Ben Buchwalter


Dodd Deemed ‘Unelectable’ in CT Senate Race

It’s been a crappy year for embattled Connecticut Senator Chris Dodd. Toward the end of 2009, it became increasingly clear just how dire his reelection chances were. In mid-December, the respected elections predictor the Cook Political Report called Dodd “as unelectable as unindicted incumbents get.” That was a pretty safe prediction considering that, at the time, Dodd trailed former GOP congressman Rob Simmons and former WWE CEO Linda McMahon by 13 and 6 points respectively. On the MoJo blog, I predicted that Dodd’s retirement was imminent and rounded up the field of potential Conn. Dems to replace him. Looks like I was right about one of them:

As Connecticut Attorney General for the past 20 years, Dick Blumenthal has made ripples most recently for his harsh words about financial badboy AIG, which has offices in the state. Back in March, Blumenthal called the legal justification for AIG bonuses “a joke of a justification for squandering scarce taxpayer resources.”

Advertisements


Conn. Sen: Former WWE CEO Linda McMahon Enters the Fray
January 10, 2010, 5:45 pm
Filed under: 2010 and 2012, Congress, Mother Jones, Republicans | Tags: , , ,

Since former WWE CEO Linda McMahon jumped into the GOP’s primary to challenge embattled Connecticut Sen. Chris Dodd, I wrote a few blog posts on her candidacy and how it shakes up the race. First, came the supposed shock that McMahon and her husband have supported Democrats in past elections. Next, I asked if the candidate’s bombastic (and some might say crazy) husband WWE Chairman Vince McMahon could hurt her primary and, luck permitting, general election chances. As McMahon continued to hemorrhage her own funds on the campaign and became a serious contender to the state’s establishment, Conn. GOPers started to attack the newcomer. But as I wrote for MoJo, I think this was a risky move in the solid blue Lieberman-loving state:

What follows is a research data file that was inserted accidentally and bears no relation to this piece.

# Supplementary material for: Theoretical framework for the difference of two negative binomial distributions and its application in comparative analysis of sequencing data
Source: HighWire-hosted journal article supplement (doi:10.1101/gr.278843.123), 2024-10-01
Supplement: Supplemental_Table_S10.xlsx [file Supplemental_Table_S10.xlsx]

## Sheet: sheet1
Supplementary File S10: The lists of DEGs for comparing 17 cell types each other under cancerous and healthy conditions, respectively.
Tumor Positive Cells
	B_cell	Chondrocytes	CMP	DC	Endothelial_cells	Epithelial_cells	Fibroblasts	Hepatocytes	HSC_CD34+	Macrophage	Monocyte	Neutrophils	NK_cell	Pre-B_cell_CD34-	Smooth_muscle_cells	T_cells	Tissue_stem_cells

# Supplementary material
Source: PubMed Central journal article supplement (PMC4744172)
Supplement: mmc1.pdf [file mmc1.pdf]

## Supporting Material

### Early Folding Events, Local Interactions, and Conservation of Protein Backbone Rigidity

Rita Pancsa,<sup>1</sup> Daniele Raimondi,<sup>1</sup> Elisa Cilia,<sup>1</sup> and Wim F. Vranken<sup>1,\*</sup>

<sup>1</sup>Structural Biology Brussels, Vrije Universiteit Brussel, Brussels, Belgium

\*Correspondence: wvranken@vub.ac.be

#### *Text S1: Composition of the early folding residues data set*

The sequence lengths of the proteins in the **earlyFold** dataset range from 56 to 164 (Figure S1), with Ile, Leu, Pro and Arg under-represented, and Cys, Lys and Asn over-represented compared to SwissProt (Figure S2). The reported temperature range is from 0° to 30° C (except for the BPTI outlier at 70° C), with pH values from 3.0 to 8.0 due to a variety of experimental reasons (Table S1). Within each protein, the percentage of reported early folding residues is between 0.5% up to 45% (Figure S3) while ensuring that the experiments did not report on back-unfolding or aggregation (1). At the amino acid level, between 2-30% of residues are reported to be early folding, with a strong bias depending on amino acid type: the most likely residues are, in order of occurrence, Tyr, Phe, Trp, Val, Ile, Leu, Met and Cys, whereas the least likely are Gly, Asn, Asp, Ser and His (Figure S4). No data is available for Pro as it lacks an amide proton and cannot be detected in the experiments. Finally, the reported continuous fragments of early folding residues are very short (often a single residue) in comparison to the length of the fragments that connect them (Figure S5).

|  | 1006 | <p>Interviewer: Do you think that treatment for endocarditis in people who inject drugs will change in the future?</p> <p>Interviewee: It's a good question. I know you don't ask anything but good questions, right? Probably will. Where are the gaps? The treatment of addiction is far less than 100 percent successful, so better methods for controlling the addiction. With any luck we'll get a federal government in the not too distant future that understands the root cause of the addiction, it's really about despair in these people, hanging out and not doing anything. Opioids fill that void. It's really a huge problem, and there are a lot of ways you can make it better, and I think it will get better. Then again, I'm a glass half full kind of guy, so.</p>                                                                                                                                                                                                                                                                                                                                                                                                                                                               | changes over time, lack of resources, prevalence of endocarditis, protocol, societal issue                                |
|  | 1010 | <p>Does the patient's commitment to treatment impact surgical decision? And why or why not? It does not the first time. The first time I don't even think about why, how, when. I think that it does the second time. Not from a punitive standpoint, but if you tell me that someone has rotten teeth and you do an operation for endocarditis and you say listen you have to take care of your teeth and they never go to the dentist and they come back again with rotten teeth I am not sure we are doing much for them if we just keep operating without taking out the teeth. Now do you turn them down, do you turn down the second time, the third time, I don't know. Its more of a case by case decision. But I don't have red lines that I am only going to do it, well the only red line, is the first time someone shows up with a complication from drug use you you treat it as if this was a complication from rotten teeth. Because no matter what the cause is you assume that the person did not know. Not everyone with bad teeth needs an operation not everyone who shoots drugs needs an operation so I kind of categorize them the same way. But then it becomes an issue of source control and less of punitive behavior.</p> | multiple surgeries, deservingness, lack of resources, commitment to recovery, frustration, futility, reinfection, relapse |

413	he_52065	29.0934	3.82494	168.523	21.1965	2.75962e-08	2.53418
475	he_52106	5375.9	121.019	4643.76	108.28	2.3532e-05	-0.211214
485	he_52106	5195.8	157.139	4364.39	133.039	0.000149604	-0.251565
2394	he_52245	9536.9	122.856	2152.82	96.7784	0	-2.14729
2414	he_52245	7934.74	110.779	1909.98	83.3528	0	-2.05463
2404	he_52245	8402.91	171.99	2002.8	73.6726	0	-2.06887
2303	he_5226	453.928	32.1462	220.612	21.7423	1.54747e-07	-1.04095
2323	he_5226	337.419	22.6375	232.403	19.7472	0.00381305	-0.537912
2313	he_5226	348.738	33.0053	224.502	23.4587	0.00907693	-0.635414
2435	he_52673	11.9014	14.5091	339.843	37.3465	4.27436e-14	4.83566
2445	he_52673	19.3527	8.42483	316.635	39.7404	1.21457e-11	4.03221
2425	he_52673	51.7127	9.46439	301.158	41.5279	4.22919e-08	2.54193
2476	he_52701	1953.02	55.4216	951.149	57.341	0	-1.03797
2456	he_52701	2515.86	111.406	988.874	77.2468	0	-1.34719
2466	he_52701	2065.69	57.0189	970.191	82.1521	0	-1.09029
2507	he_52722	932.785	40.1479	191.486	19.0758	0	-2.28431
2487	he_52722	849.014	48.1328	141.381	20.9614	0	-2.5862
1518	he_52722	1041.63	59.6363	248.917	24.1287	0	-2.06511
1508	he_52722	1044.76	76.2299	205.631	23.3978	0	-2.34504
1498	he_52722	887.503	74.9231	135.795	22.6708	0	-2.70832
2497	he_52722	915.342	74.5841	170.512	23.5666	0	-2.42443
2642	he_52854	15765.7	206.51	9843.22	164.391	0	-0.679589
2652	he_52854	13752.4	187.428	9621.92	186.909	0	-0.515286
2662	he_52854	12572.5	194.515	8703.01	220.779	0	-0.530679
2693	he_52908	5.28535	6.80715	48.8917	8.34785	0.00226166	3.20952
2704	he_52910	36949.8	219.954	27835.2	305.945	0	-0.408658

“I think it’s very unusual [for a Republican to contribute to a Democrat]. These are big numbers. These are big dollars,” said Simmons, the race’s current front runner. But attacking McMahon’s bi-partisan past is a risky move, considering that Connecticut is predominantly Democratic and many state Republicans supported democrat-turned-independent Joe Lieberman over his Republican opponent in 2006. Moreover, since McMahon is campaigning on an anti-establishment platform, her past contributions could be helpful if she makes it to the general election next fall.